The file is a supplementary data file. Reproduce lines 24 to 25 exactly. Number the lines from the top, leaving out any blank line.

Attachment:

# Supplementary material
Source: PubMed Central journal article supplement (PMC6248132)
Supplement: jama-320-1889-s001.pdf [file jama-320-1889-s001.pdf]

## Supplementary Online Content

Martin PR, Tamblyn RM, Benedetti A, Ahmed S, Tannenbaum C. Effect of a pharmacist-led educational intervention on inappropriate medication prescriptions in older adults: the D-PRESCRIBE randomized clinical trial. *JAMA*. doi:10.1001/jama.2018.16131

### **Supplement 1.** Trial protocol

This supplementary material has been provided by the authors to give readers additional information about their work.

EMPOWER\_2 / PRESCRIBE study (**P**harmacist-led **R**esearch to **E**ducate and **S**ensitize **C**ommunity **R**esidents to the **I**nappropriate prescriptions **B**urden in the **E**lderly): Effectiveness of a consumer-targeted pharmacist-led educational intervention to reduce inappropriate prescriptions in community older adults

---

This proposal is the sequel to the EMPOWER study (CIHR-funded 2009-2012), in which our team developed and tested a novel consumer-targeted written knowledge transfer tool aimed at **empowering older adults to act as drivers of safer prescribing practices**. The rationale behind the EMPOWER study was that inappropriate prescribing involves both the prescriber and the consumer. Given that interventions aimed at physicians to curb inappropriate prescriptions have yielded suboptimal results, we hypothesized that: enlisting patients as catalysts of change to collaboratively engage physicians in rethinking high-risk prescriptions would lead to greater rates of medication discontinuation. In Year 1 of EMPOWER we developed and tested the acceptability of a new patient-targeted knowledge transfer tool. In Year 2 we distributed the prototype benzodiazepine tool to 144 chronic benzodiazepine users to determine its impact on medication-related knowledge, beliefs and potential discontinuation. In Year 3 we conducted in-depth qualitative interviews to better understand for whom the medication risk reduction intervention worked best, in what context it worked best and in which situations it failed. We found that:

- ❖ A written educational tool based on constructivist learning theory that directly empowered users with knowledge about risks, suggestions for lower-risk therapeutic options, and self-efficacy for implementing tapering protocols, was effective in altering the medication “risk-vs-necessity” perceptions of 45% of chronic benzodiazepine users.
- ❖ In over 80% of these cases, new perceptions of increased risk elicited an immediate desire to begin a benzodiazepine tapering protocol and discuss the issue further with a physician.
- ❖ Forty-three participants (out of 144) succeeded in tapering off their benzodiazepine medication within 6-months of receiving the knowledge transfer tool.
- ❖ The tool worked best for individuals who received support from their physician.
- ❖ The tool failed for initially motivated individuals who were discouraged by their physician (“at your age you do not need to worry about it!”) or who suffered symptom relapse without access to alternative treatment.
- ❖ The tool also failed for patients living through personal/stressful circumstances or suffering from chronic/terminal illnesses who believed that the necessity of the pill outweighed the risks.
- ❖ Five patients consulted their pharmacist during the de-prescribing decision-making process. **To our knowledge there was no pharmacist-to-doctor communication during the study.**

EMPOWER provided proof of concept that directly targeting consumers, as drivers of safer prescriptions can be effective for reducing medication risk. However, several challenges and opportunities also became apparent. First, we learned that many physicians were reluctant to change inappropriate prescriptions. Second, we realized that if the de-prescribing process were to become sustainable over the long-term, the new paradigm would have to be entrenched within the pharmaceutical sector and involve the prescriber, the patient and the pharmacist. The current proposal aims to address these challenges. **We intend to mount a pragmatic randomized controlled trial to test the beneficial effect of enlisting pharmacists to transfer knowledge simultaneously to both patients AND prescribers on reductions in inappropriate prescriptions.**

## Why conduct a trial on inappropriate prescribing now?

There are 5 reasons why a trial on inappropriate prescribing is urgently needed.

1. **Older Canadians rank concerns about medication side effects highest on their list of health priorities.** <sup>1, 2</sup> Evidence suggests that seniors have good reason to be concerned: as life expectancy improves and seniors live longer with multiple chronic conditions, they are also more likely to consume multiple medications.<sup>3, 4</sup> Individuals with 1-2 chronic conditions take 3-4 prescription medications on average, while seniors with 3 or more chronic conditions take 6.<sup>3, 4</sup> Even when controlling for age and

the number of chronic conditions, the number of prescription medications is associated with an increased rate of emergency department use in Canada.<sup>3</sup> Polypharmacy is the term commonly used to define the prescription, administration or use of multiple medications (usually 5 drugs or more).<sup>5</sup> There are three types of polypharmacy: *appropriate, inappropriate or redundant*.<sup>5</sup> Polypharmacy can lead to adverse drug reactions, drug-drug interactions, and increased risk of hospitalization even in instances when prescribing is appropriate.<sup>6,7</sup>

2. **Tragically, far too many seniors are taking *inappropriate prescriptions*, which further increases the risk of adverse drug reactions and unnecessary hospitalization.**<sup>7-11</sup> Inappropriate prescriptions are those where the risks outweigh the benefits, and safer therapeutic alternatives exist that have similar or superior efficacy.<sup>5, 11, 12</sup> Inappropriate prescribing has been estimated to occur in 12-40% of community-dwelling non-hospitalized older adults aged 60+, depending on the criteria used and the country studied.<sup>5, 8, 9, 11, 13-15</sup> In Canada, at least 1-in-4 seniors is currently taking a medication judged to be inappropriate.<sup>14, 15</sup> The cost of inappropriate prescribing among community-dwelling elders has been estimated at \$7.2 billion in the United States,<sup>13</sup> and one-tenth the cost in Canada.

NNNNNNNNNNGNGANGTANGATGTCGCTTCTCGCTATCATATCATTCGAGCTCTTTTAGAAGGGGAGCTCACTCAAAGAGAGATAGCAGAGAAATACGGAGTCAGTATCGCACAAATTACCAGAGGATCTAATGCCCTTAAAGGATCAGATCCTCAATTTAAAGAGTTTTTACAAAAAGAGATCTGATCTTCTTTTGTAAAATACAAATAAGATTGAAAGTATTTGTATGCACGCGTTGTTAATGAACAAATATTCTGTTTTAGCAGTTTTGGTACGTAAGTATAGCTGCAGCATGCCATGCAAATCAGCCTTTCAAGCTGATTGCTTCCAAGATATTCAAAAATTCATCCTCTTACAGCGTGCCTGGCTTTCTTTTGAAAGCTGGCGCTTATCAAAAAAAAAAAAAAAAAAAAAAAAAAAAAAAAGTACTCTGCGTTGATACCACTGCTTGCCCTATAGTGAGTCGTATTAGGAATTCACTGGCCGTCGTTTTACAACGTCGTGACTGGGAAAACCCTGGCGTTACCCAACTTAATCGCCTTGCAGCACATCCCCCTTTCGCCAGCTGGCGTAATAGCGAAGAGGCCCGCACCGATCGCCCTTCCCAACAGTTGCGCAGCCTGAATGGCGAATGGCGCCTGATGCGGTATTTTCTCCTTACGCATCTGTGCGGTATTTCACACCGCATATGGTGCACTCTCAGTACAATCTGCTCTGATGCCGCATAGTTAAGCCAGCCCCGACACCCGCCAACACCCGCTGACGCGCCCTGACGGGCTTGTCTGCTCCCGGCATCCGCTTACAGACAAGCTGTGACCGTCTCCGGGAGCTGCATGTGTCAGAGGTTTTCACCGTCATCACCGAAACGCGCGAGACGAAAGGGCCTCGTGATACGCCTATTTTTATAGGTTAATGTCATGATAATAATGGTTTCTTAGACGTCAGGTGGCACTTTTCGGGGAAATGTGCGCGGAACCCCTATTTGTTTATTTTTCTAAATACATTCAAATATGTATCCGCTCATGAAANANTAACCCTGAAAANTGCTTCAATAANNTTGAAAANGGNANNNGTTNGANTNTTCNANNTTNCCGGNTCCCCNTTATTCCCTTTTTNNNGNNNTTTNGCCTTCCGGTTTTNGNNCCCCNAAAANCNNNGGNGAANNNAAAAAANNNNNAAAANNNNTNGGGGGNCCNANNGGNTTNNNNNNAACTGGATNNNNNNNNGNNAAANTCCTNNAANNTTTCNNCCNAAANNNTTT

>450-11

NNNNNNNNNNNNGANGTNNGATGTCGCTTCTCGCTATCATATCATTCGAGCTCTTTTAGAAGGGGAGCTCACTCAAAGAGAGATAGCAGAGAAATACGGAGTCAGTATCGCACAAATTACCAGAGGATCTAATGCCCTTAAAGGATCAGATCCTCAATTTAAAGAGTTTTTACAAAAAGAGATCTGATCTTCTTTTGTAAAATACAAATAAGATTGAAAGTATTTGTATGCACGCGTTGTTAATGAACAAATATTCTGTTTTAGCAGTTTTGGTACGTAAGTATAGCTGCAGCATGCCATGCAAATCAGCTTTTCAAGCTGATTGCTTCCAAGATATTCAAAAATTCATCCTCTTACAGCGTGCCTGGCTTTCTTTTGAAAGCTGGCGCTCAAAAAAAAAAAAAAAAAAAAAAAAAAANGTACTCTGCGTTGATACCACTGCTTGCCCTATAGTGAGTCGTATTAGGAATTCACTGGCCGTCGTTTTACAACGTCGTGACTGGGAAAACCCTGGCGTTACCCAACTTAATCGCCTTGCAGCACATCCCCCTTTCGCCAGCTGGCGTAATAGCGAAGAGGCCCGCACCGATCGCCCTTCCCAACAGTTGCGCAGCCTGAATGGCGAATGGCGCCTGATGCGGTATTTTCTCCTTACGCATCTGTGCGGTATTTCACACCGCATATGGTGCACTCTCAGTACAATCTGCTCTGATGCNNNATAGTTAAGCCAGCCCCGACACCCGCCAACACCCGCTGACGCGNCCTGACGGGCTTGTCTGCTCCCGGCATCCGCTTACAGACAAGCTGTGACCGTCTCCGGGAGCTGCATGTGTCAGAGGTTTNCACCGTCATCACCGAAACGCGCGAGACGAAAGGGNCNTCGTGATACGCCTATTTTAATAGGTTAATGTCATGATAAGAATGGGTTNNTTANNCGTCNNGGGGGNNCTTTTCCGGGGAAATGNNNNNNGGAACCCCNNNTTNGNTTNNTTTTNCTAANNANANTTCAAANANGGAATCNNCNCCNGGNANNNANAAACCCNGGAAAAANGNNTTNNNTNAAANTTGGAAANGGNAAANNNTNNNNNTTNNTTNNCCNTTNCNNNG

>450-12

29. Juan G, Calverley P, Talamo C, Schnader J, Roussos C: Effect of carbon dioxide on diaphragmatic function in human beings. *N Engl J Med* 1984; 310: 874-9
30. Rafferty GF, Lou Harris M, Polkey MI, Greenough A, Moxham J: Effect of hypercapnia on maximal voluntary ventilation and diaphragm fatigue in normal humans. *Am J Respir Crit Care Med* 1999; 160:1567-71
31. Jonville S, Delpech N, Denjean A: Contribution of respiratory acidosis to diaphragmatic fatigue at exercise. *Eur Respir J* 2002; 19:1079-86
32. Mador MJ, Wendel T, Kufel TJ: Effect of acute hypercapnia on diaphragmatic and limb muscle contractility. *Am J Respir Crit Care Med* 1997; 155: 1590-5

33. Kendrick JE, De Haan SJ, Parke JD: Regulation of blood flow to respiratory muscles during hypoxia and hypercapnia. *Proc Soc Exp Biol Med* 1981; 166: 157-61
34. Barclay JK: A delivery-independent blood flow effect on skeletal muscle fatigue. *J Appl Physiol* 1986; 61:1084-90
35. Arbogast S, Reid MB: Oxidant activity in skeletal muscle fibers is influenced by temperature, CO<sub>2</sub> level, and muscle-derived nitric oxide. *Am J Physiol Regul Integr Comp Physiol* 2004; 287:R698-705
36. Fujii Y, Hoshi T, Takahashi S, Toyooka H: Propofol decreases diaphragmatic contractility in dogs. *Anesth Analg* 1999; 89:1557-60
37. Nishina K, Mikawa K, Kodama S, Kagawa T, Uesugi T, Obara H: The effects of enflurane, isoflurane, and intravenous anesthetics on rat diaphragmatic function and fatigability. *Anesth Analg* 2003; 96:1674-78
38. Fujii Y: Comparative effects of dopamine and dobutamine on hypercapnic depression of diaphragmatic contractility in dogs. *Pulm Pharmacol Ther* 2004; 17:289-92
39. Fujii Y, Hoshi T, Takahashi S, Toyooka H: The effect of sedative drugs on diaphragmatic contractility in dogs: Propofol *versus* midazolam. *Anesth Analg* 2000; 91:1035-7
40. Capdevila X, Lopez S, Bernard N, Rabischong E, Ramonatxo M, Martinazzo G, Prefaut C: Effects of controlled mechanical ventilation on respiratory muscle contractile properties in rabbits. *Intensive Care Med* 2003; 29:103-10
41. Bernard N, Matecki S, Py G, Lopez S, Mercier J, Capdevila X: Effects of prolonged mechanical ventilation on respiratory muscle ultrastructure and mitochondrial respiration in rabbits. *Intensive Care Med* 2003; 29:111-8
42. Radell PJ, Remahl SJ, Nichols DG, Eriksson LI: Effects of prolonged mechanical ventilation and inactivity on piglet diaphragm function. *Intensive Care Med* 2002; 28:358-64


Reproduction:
NNNNNNNNNNGNGANGTANGATGTCGCTTCTCGCTATCATATCATTCGAGCTCTTTTAGAAGGGGAGCTCACTCAAAGAGAGATAGCAGAGAAATACGGAGTCAGTATCGCACAAATTACCAGAGGATCTAATGCCCTTAAAGGATCAGATCCTCAATTTAAAGAGTTTTTACAAAAAGAGATCTGATCTTCTTTTGTAAAATACAAATAAGATTGAAAGTATTTGTATGCACGCGTTGTTAATGAACAAATATTCTGTTTTAGCAGTTTTGGTACGTAAGTATAGCTGCAGCATGCCATGCAAATCAGCCTTTCAAGCTGATTGCTTCCAAGATATTCAAAAATTCATCCTCTTACAGCGTGCCTGGCTTTCTTTTGAAAGCTGGCGCTTATCAAAAAAAAAAAAAAAAAAAAAAAAAAAAAAAAGTACTCTGCGTTGATACCACTGCTTGCCCTATAGTGAGTCGTATTAGGAATTCACTGGCCGTCGTTTTACAACGTCGTGACTGGGAAAACCCTGGCGTTACCCAACTTAATCGCCTTGCAGCACATCCCCCTTTCGCCAGCTGGCGTAATAGCGAAGAGGCCCGCACCGATCGCCCTTCCCAACAGTTGCGCAGCCTGAATGGCGAATGGCGCCTGATGCGGTATTTTCTCCTTACGCATCTGTGCGGTATTTCACACCGCATATGGTGCACTCTCAGTACAATCTGCTCTGATGCCGCATAGTTAAGCCAGCCCCGACACCCGCCAACACCCGCTGACGCGCCCTGACGGGCTTGTCTGCTCCCGGCATCCGCTTACAGACAAGCTGTGACCGTCTCCGGGAGCTGCATGTGTCAGAGGTTTTCACCGTCATCACCGAAACGCGCGAGACGAAAGGGCCTCGTGATACGCCTATTTTTATAGGTTAATGTCATGATAATAATGGTTTCTTAGACGTCAGGTGGCACTTTTCGGGGAAATGTGCGCGGAACCCCTATTTGTTTATTTTTCTAAATACATTCAAATATGTATCCGCTCATGAAANANTAACCCTGAAAANTGCTTCAATAANNTTGAAAANGGNANNNGTTNGANTNTTCNANNTTNCCGGNTCCCCNTTATTCCCTTTTTNNNGNNNTTTNGCCTTCCGGTTTTNGNNCCCCNAAAANCNNNGGNGAANNNAAAAAANNNNNAAAANNNNTNGGGGGNCCNANNGGNTTNNNNNNAACTGGATNNNNNNNNGNNAAANTCCTNNAANNTTTCNNCCNAAANNNTTT

>450-11